The Nissan Altima Isn’t Selling Like It Used To
The Nissan Altima is the automaker’s entry in the midsize sedan segment. It’s larger, more powerful, and more upscale than the compact Sentra, yet it’s smaller and less luxurious than the full-size Maxima.
The popularity of the Altima rose through the early 2000s, and sales peaked in the 2010s. In the past few years, sales declined significantly. Why aren’t people buying the Nissan Altima the way they used to? Will the 2020 model year’s new features bring buyers back?
The Nissan Altima has been available in the U.S. since 1993, but the sedan’s sales never reached 200,000 in the ’90s. Instead, they averaged around 150,000 units, according to CarSalesBase.com.
Shortly after the start of the new millennium, U.S. sales of the Nissan Altima hovered around 200,000. Buyers responded positively to the third-generation version, which debuted in 2002. That year, Nissan upgraded it from a compact to a midsize car by increasing its size and boosting horsepower.
Altima sales continued to grow yearly, and by 2012, they topped 300,000. Sales stayed above the 300,000 mark until 2017 when they slid back to slightly over 250,000. For the calendar years, 2018 and 2019 sales plummeted down close to 210,000.
Why did Nissan experience such a drastic drop in the sales of the Altima in the past few years? For one thing, the Altima has some strong rivals in a diverse segment. Its competitors include crowd-pleasers such as the Honda Accord and the Toyota Camry. And while other midsize sedans like the Hyundai Sonata, Kia Optima, and the Subaru Legacy don’t have the kind of impressive sales numbers that the Accord and the Camry do, they still offer buyers other alternatives.
Another key reason for the Altima’s ailing sales is the recent skyrocketing popularity of SUVs, crossovers, and pickup trucks among buyers. As a result, passenger car sales generally have taken a huge hit. An SUV’s flexible passenger seating and cargo area and a truck’s engine power and hauling capacity appeal to today’s buyers.
So, considering what the Altima is up against in the face of declining sales, what has Nissan done to make this year’s model more attractive?
A preview of the 2020 Nissan Altima
Although the Toyota Camry and the Honda Accord are more popular than the Nissan Altima, the sixth-generation Nissan sedan has two special options that the other two don’t: all-wheel drive and a 248-hp VC-Turbo engine. The latter is the first production variable compression turbo in-line four-cylinder, and it replaces the Altima’s 3.5-liter V6 from the previous generation. The VC-Turbo engine is supposed to provide power comparable to a V6 but also as well as the fuel economy of a four-cylinder engine.
Because the Altima was entirely refreshed for the 2019 model when the sixth generation was introduced, Nissan has made only a few updates to the 2020 version.
Most importantly, the automaker has made its full suite of driver-assistance features standard on the second-lowest trim, the SR. The suite, called Nissan Safety Shield 360, consists of automatic emergency braking with pedestrian detection, high beam assist, and blind-spot warning. It also includes lane departure warning, rear automatic braking, and rear cross-traffic alert.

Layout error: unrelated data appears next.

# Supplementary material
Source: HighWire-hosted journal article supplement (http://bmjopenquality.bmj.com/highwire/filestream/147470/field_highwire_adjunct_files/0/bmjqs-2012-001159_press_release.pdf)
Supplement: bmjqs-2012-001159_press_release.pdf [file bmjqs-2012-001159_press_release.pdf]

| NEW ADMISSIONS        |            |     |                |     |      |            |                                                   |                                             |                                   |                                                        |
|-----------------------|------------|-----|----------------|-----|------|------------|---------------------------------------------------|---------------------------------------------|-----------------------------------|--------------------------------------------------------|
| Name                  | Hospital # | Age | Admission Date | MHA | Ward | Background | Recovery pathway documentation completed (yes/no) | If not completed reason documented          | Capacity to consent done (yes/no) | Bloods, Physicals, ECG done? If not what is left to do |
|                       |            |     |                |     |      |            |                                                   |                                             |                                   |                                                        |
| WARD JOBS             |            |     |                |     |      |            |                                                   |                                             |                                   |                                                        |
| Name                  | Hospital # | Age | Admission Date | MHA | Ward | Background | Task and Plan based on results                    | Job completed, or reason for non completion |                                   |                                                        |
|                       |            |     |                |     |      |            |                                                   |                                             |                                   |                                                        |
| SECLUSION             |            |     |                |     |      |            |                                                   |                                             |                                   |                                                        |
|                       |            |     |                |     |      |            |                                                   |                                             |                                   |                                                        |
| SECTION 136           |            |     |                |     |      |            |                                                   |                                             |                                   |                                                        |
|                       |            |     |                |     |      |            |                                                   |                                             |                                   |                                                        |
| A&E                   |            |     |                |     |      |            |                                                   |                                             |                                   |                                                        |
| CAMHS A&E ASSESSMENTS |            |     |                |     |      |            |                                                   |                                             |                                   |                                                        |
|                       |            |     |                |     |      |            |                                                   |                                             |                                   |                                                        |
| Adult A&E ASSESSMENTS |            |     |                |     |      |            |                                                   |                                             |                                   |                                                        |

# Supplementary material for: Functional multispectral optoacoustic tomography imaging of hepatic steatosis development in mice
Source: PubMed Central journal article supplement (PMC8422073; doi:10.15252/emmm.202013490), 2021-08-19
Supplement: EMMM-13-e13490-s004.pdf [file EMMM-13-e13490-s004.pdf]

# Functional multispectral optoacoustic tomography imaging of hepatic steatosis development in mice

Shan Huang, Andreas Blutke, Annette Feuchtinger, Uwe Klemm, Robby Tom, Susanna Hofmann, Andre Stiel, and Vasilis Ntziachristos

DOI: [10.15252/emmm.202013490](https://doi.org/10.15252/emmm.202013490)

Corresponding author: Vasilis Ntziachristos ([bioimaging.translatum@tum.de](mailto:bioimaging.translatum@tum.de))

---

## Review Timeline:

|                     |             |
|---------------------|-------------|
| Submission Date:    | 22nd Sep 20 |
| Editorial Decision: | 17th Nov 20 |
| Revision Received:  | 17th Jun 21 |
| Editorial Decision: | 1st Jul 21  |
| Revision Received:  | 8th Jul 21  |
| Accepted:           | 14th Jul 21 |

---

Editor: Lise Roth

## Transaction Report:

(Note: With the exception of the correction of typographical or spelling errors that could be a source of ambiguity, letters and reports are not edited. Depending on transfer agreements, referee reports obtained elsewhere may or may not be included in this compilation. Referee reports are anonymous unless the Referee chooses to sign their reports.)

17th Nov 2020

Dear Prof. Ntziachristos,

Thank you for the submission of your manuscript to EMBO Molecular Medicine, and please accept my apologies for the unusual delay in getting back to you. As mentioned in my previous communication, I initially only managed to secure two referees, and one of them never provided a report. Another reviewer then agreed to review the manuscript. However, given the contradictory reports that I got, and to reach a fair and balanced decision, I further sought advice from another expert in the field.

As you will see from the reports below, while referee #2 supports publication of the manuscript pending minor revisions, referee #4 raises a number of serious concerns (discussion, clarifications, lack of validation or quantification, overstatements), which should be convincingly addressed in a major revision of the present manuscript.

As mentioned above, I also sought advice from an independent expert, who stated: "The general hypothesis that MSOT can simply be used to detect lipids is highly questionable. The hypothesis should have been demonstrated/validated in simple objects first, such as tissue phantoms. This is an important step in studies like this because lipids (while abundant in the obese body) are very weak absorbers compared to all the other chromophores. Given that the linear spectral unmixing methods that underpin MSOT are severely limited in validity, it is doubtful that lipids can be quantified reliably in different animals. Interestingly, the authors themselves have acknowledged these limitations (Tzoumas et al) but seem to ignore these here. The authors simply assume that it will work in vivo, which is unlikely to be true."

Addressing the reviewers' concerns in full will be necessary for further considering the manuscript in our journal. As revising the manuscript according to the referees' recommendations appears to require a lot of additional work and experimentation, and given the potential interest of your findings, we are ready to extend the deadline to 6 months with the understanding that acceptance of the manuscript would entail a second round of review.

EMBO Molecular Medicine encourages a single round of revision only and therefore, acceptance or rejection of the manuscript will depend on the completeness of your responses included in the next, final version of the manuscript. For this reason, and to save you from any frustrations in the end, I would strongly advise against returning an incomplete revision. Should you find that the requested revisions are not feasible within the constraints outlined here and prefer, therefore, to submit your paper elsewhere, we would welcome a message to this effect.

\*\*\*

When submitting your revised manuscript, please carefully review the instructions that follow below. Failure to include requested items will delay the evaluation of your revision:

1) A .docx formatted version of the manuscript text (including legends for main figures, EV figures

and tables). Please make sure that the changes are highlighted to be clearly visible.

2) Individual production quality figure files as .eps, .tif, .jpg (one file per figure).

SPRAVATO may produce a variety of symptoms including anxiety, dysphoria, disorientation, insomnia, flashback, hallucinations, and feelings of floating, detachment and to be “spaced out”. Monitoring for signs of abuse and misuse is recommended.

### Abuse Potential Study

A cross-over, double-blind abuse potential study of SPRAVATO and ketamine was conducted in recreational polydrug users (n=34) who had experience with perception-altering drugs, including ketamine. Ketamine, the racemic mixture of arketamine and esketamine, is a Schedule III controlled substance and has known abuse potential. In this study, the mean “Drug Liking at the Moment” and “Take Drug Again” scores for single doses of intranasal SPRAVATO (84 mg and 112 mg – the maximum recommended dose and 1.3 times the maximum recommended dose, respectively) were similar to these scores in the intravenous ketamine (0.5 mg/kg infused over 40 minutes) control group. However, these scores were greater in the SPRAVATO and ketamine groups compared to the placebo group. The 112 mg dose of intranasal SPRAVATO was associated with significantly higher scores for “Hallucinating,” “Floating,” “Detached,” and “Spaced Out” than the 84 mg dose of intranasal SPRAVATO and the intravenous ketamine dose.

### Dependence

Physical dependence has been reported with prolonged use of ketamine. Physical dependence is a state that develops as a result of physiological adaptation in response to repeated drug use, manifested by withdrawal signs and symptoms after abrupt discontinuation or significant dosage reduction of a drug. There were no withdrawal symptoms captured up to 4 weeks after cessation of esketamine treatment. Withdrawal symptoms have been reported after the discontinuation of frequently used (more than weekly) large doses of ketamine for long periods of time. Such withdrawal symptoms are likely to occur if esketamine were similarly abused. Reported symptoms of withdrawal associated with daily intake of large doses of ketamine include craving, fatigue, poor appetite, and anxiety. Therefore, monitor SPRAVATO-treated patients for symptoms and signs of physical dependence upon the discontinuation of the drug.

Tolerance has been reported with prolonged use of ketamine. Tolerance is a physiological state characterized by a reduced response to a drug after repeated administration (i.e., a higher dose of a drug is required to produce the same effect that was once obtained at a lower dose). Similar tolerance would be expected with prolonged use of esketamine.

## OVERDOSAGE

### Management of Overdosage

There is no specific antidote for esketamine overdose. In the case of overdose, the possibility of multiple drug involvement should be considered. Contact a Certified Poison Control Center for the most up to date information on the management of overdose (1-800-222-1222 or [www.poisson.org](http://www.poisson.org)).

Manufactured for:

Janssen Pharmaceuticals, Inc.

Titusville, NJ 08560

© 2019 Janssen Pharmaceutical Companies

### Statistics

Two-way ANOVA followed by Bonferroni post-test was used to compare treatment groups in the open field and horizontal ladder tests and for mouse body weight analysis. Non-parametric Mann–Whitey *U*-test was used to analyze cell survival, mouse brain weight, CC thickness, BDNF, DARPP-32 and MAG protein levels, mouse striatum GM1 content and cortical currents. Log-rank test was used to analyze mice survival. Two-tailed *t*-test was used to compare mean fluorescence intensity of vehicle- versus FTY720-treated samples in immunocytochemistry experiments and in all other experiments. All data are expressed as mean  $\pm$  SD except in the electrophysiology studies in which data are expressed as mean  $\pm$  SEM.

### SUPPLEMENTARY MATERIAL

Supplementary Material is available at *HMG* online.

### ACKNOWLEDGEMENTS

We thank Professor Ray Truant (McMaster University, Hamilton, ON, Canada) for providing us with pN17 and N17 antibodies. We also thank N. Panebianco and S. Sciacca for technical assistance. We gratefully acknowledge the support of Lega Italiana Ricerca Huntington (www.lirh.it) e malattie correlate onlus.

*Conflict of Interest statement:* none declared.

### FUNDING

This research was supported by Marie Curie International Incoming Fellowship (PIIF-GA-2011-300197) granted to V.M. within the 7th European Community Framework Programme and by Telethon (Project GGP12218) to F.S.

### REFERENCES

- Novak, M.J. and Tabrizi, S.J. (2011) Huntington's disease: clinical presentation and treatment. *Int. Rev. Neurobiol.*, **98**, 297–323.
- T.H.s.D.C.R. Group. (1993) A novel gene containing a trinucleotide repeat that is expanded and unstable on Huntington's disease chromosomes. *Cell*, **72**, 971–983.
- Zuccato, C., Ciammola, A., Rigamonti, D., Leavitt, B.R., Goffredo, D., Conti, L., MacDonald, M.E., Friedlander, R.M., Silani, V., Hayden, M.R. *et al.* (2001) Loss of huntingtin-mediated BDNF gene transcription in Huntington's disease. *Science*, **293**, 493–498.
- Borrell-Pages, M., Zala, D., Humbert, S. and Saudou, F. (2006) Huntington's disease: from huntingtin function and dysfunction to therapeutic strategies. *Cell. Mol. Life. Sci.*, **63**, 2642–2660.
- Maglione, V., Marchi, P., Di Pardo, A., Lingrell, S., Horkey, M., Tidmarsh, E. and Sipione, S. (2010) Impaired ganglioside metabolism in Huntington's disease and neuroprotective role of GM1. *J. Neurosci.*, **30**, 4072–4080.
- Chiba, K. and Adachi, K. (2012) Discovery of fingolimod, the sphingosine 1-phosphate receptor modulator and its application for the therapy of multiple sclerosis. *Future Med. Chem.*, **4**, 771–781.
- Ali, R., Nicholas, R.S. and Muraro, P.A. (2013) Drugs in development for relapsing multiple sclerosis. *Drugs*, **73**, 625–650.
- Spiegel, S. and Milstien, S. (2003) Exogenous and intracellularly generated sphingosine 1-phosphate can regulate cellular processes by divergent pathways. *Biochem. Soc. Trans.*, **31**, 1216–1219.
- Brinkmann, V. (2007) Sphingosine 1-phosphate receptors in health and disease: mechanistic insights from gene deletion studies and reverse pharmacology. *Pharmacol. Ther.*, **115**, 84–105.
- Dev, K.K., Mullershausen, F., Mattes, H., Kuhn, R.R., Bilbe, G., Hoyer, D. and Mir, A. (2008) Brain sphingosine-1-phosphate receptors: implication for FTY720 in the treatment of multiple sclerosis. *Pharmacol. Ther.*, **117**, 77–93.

The driver-assist suite is optional on the lowest trim level, the S. Previously, both the S and SR had only standard forward-collision warning and automatic emergency braking.
Other updates include standard glossy-black interior trim on the SV, SL, and Platinum trim levels and a memory function for driver-side mirror positions on the Platinum variant.
Five trim levels are available on the 2020 Nissan Altima: the S, SR, SV, SL, and Platinum. The starting price for the base model S is $24,995. Buyers can get a bit more on the SR, which starts at $26,595. Prices on the SV and SL start at $28,775 and $31,135. The Platinum trim level begins at $33,075.
Will Nissan sell more new Altima models this year?
It seems unlikely that Nissan will see enough of an uptick to return Altima sales to 300,000 this year. The challenges of competing in a segment with solid rivals as well as contending with the popularity of SUVs and trucks are tough enough for the sedan. But world events might stymie its sales even more.
Like most car manufacturers, Nissan is struggling with the effects of the worldwide COVID-19 crisis. In March this year, it paused production at its Smyrna, Tennessee plant for two weeks to aid in containing the virus. This plant produces not only the Nissan Altima but also the Maxima, Rogue, Leaf, Pathfinder, and the Infiniti QX60. Production has also been halted at the Sentra plant in Mexico. At the same time, Nissan’s Sunderland plant in the U.K. has also been temporarily shuttered.
Another strike against the Altima—and other vehicles—is that buyers are staying home, for the most part. Unless they urgently need a vehicle, they may not be thinking much at all about car shopping during this difficult time. In many states, however, dealerships are doing business online and under social distancing guidelines.
Sales for the 2020 Nissan Altima may not be promising this year, but the newly available safety features in lower trims and the $1,350 all-wheel-drive option will certainly attract some buyers when life and work in the U.S. return to something like normal.